By Mirwais Harooni and Katharine Houreld
KABUL (Reuters) - Death by stoning for convicted adulterers is being written into Afghan law, a senior official said on Monday, the latest sign that human rights won at great cost since the Taliban were ousted in 2001 are rolling back as foreign troops withdraw.
"We are working on the draft of a sharia penal code where the punishment for adultery, if there are four eyewitnesses, is stoning," said Rohullah Qarizada, who is part of the sharia Islamic law committee working on the draft and head of the Afghan Independent Bar Association.
Billions have been invested on promoting human rights in Afghanistan over more than 12 years of war and donors fear that hard won progress, particularly for women, may be eroding.
During the Taliban's 1996-2001 time in power, convicted adulterers were routinely shot or stoned in executions held mostly on Fridays. Women were not permitted to go out on their own, girls were barred from schools and men were obliged to grow long beards.
Providing fresh evidence popular support for the brutal punishment has endured, two lovers narrowly escaped being stoned in Baghlan province north of Kabul, but were publicly shot over the weekend instead, officials said.
"While they were fleeing, suddenly their car crashed and locals arrested them. People wanted to stone them on the spot but some elders disagreed," the provincial head of women's affairs, Khadija Yaqeen, told Reuters on Monday.
"The next day they decided and shot both of them dead in public. Our findings show that the woman's father had ordered to shoot both man and woman."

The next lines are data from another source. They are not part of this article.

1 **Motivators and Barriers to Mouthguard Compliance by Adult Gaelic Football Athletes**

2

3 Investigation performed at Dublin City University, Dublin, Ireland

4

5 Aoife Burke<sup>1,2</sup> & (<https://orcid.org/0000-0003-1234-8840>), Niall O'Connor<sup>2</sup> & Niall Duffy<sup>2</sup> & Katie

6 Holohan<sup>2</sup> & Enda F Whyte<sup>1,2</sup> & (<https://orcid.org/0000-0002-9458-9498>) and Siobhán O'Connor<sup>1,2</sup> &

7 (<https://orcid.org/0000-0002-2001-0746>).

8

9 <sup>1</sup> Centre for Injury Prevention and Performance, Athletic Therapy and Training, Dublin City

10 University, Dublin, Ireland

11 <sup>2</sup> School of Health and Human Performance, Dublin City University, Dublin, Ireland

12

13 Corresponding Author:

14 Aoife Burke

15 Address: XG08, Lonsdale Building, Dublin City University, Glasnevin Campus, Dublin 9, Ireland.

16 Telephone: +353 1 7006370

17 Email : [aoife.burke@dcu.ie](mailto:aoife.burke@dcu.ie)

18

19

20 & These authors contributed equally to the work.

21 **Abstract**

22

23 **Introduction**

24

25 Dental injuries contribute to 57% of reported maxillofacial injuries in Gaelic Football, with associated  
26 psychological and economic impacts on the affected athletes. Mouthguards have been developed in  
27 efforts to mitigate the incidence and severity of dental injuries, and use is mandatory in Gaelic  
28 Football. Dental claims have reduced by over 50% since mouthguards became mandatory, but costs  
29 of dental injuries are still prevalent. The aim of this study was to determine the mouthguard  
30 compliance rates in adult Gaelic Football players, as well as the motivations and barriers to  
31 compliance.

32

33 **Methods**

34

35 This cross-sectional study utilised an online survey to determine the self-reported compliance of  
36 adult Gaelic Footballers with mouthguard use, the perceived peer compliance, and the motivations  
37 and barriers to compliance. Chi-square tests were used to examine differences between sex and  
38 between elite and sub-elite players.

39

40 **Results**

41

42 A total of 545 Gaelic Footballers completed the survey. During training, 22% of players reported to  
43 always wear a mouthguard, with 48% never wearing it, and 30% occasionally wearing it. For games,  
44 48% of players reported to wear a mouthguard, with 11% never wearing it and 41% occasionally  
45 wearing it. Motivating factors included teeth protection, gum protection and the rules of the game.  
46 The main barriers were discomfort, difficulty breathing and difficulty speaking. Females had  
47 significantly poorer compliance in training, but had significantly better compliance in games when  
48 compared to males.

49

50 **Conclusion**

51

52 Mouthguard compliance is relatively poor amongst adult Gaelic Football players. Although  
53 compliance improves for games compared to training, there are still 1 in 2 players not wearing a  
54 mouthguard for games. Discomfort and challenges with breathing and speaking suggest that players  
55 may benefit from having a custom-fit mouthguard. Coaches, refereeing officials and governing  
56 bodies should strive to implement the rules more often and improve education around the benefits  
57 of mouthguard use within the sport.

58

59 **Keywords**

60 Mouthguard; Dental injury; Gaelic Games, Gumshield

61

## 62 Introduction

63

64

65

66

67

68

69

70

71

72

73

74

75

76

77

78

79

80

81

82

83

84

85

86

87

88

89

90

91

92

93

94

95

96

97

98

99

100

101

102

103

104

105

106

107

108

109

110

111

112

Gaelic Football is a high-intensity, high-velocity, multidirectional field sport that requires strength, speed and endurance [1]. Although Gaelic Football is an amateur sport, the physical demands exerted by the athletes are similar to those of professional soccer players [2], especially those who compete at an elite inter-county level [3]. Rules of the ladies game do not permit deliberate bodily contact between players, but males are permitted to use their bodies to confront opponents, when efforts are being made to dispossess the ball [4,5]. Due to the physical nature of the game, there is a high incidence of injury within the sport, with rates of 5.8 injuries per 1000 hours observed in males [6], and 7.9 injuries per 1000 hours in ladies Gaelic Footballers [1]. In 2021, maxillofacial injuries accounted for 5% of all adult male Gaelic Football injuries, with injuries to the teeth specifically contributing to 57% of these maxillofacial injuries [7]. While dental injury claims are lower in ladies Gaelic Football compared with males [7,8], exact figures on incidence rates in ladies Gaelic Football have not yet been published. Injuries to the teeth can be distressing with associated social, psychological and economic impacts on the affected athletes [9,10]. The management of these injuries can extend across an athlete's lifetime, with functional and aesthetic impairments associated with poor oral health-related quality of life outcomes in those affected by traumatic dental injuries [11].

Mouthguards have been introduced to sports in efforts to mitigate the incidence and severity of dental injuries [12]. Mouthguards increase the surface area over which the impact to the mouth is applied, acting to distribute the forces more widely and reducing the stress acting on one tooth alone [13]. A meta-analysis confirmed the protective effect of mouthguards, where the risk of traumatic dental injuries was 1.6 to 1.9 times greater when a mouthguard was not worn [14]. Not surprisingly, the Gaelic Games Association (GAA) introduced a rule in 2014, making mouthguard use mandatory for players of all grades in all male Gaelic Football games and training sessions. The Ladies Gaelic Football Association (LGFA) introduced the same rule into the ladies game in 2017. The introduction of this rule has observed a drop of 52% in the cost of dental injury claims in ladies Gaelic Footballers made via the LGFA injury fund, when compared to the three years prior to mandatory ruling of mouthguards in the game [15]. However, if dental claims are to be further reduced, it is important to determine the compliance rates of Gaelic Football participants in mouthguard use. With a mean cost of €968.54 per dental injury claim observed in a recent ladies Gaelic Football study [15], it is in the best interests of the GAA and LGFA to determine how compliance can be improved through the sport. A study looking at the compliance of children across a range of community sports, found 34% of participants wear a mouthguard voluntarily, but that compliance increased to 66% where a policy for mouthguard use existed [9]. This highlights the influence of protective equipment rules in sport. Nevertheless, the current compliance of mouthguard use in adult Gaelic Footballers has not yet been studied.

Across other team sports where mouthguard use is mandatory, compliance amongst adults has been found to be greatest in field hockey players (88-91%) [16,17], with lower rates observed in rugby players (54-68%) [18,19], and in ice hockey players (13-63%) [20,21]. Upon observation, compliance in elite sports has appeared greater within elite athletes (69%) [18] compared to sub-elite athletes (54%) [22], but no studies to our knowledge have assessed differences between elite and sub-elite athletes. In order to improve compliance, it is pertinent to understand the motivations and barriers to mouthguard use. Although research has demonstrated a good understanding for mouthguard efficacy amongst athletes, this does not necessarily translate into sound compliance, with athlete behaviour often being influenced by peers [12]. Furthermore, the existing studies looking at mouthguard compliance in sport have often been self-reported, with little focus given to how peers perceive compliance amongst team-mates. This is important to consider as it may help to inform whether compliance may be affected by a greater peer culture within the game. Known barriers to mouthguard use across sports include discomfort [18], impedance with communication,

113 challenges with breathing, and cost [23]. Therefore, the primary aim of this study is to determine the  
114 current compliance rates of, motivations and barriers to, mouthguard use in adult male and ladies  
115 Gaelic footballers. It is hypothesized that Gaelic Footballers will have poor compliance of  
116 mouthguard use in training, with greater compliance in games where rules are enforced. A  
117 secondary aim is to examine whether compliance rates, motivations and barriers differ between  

The public execution was confirmed by the provincial police chief's spokesman, who said the killings were unlawful.
"It is absolutely shocking that 12 years after the fall of the Taliban government, the Karzai administration might bring back stoning as a punishment," said Brad Adams, Asia director at Human Rights Watch.
The U.S. based rights group has urged funding to be tied to commitments and last month, Norway took the rare step of cutting aid on the grounds that Afghanistan had failed to meet commitments to protect women's rights and fight corruption.
Most donors, however, have stopped short of using money to pressure President Hamid Karzai's administration and U.S. and United Nations officials were aware of the plan to reintroduce stoning, Qarizada said.
The new law, he told Reuters, was unlikely to make stoning a common practice.
"The judge asks each witness many questions and if one answer differs from other witnesses then the court will reject the claim," Qarizada said.
(Writing by Jessica Donati; Editing by Ron Popeski)